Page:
In the 1980s, first-year undergraduates reading English at Oxford could take a course in Literary Theory. Good idea, you might think. A bit of Aristotle, Sidney’s Apology for Poetry, Dryden, Johnson, Coleridge, Matthew Arnold, T. S. Eliot – what better way of showing students at the outset of their degree that literature had been thought about and discussed in a great variety of ways?
Except, of course, it wasn’t like that. Study typically began in the early years of the 20th century, with the work of the linguistician Ferdinand de Saussure and the Russian formalists, such as Viktor Shklovsky. On the students toiled, through structuralism, post-structuralism, psychoanalysis, feminism and post-modernism. It was as if no one had really thought about literature before European philosophy had taken its “linguistic turn” towards structuralism. A course that should have opened minds proved in fact to be the narrowest of intellectual prison-houses. Even so, it was surely a pretty demanding course, not just in terms of reading load but of linguistic competence. To do it properly you would need a good reading knowledge of, at the least, French, German and Russian. A smattering of Czech might even come in handy, if you were tempted to spend a week on the Prague school of linguistics.
But – again, of course – it wasn’t like that. It was a monoglot course for largely monoglot students. In fact, many of those who took it seemed to read only one book: Terry Eagleton’s Literary Theory: An Introduction.
Eagleton was then a tutor in English at Wadham College. His earlier books had been more or less earnest works of Marxist literary criticism, but with Literary Theory he acquired a new critical persona. For although Literary Theory proclaimed itself to be an “Introduction”, it was so only in the rather special sense that, for instance, being told at a party that the person you were about to meet was an alcoholic, a wife-beater, a fascist and a dotard might also count as an introduction. In five chapters, the dominant schools of literary criticism since the “rise of English” as a subject of academic study at the end of the 19th century were reviewed and each was found wanting. Do you enjoy close reading and think that great works of literature can possess moral power? If so, you are in the grip of a fairy-story invented to soothe “an uprooted, defensive intelligentsia who reinvented in literature what they could not locate in reality” (p. 47). Tempted by structuralism? Too “simple-minded” (p. 125). Exhilarated by the complexities of post-structuralism? Nothing more than “a hedonist withdrawal from history” (p. 150). Intrigued by psychoanalysis? An impossible position flanked by “discredited rationalism” and “intolerable scepticism” (p. 185). As Eagleton says towards the end, “This book is less an introduction than an obituary” (p. 204).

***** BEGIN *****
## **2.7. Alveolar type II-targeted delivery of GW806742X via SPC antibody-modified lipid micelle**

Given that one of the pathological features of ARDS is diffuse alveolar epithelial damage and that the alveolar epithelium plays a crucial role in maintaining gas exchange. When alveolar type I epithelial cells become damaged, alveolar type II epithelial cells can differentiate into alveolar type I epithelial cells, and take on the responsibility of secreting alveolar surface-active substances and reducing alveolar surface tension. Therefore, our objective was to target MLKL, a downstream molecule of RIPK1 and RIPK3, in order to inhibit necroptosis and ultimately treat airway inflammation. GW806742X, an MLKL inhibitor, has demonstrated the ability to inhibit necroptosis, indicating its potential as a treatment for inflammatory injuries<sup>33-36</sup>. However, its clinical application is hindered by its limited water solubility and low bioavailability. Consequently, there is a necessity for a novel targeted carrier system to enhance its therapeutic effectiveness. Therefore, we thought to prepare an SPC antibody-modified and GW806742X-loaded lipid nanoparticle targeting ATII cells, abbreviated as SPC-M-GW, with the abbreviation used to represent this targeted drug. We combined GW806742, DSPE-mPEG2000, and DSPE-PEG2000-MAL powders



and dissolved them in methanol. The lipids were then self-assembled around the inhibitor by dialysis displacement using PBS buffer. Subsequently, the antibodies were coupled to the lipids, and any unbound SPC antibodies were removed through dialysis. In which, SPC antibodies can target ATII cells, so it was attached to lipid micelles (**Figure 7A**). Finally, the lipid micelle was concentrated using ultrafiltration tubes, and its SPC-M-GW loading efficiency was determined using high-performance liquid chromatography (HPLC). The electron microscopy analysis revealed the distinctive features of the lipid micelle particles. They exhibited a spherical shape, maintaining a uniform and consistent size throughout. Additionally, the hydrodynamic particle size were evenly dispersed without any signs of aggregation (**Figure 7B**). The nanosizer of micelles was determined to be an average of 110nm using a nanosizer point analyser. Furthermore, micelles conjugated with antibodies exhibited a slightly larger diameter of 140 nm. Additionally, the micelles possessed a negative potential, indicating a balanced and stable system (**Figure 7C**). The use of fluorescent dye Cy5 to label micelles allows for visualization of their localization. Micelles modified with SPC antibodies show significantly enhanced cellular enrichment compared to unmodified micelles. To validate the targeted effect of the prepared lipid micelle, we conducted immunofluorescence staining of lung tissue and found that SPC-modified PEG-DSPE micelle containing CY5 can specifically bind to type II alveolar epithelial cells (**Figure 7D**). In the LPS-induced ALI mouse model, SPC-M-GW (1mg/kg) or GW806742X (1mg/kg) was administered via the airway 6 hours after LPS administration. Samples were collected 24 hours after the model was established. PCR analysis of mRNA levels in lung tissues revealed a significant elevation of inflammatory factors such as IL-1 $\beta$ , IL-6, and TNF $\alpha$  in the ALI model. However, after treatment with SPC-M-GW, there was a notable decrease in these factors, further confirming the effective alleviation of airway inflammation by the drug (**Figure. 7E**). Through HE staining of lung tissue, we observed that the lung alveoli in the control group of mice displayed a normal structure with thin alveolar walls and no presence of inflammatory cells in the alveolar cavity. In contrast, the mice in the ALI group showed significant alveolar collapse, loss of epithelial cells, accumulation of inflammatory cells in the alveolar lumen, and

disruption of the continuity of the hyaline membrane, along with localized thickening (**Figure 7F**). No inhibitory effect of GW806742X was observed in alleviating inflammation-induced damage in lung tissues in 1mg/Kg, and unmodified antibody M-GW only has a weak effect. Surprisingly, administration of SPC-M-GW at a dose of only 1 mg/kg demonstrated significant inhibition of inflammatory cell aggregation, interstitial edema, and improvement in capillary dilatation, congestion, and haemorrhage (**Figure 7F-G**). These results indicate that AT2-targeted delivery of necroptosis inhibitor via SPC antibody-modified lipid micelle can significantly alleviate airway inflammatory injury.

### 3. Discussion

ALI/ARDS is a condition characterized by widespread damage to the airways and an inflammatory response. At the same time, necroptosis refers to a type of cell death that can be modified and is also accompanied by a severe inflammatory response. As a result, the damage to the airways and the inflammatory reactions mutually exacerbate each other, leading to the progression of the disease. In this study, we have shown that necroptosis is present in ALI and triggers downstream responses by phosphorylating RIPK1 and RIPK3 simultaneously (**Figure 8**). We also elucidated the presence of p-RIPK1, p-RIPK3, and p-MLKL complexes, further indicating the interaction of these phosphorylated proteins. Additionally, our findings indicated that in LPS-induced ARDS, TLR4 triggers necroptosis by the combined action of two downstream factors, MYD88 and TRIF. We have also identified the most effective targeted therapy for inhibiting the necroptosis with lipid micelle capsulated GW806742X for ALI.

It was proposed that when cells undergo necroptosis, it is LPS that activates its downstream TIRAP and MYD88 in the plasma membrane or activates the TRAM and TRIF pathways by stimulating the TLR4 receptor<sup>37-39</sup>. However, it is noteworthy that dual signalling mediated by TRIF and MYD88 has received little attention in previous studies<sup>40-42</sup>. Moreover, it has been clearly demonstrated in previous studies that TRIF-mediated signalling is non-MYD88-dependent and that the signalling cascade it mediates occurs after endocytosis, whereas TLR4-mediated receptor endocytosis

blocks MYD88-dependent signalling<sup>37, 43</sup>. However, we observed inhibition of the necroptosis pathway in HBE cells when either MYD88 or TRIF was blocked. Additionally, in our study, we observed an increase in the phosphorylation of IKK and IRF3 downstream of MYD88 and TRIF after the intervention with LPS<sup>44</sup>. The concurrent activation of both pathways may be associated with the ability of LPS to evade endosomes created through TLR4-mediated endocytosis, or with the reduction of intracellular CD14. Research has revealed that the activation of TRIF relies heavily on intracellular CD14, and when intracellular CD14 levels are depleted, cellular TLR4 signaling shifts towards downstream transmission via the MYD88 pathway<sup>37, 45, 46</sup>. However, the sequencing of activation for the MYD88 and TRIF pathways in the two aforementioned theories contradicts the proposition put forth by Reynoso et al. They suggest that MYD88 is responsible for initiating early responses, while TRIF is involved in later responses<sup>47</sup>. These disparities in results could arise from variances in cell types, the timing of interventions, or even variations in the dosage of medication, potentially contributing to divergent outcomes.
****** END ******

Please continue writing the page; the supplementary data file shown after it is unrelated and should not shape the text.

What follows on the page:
So, what is left? It is at this point that one realises that an even better title for this book would have been Literary Theory: A Sermon. Like a subtle preacher (his recent engagement with questions of religion is not surprising) Eagleton uses satire to soften up his reader for salvation, to which he points the way in a final chapter on “Political Criticism”. “Literary theory”, it seems, was just another convulsive shudder in the death throes of late capitalism. But suitably-enlightened students of literature could be the shock-troops in a new phase, not just of literary history, but of history itself.
Did it work? Students liked the satire – part of the appeal of Literary Theory was that at little cost in terms both of money and time, it armed them with a set of smart cynicisms with which they could affront their tutors. But even at the outset they were bored by the preaching. Very soon, literary theory itself seemed terribly vieux jeu. The new sport was in the history of the book, or even bibliography – subjects that would have seemed hopelessly empirical in 1983 and which didn’t even register on the radar of Literary Theory. Students are never less than shrewd, even if their shrewdness often takes the form of merely consuming intellectual fashions with frightening speed, and they quickly discovered that literary theory, at least of the 20th-century variety, was desperately boring. It said the same things about every book in the most unlovely language. Here Eagleton’s strategy, of disguising a polemic as a survey, bit back and theory’s reversal of fortunes have hit Literary Theory hard. Given that Eagleton’s book was written against literary theory, there is an injustice in this. But it is not an injustice over which one should shed many tears.
It was Lenin who said that the easiest way to destroy capitalism was to debauch the currency and Literary Theory: An Introduction was a Leninist attempt to debauch the intellectual currency of literary study. Outward success followed for its author. Eagleton was elected to a statutory chair at Oxford, from which he resigned to take up a chair at Manchester. The media have provided various soapboxes, from which he could pronounce on, for instance and most recently, Kingsley and Martin Amis, and the attacks on religion launched by Richard Dawkins. But Literary Theory: An Introduction failed and it trapped Eagleton’s career in the mode of caricature. Although he has written many books since, Eagleton is still really Aquinas’s “man of one book”, of whom one should beware.